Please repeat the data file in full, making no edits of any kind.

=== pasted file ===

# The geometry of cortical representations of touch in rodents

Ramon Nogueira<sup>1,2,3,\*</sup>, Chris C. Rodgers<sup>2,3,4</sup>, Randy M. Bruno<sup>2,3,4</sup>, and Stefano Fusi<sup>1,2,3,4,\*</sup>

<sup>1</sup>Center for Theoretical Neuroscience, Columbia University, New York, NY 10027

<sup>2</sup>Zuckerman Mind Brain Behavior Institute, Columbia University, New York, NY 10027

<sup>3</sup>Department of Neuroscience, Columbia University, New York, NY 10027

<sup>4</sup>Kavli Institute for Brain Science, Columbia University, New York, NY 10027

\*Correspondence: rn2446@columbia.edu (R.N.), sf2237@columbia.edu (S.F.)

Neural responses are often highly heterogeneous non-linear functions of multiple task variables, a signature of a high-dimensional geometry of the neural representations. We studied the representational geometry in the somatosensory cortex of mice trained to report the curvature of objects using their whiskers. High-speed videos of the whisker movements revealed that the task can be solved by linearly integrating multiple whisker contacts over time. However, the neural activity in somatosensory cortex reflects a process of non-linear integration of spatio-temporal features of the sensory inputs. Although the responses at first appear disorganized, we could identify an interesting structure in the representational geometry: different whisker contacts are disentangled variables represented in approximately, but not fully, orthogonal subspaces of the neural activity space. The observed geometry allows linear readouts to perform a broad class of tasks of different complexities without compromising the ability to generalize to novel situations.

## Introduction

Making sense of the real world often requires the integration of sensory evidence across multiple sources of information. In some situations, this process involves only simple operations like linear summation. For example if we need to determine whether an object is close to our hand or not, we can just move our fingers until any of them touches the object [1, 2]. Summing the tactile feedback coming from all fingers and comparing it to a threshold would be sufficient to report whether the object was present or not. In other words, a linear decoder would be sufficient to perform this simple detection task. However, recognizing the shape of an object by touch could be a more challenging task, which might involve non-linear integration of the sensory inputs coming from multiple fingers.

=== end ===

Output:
# The geometry of cortical representations of touch in rodents

Ramon Nogueira<sup>1,2,3,\*</sup>, Chris C. Rodgers<sup>2,3,4</sup>, Randy M. Bruno<sup>2,3,4</sup>, and Stefano Fusi<sup>1,2,3,4,\*</sup>

<sup>1</sup>Center for Theoretical Neuroscience, Columbia University, New York, NY 10027

<sup>2</sup>Zuckerman Mind Brain Behavior Institute, Columbia University, New York, NY 10027

<sup>3</sup>Department of Neuroscience, Columbia University, New York, NY 10027

<sup>4</sup>Kavli Institute for Brain Science, Columbia University, New York, NY 10027

\*Correspondence: rn2446@columbia.edu (R.N.), sf2237@columbia.edu (S.F.)

Neural responses are often highly heterogeneous non-linear functions of multiple task variables, a signature of a high-dimensional geometry of the neural representations. We studied the representational geometry in the somatosensory cortex of mice trained to report the curvature of objects using their whiskers. High-speed videos of the whisker movements revealed that the task can be solved by linearly integrating multiple whisker contacts over time. However, the neural activity in somatosensory cortex reflects a process of non-linear integration of spatio-temporal features of the sensory inputs. Although the responses at first appear disorganized, we could identify an interesting structure in the representational geometry: different whisker contacts are disentangled variables represented in approximately, but not fully, orthogonal subspaces of the neural activity space. The observed geometry allows linear readouts to perform a broad class of tasks of different complexities without compromising the ability to generalize to novel situations.

## Introduction

Making sense of the real world often requires the integration of sensory evidence across multiple sources of information. In some situations, this process involves only simple operations like linear summation. For example if we need to determine whether an object is close to our hand or not, we can just move our fingers until any of them touches the object [1, 2]. Summing the tactile feedback coming from all fingers and comparing it to a threshold would be sufficient to report whether the object was present or not. In other words, a linear decoder would be sufficient to perform this simple detection task. However, recognizing the shape of an object by touch could be a more challenging task, which might involve non-linear integration of the sensory inputs coming from multiple fingers.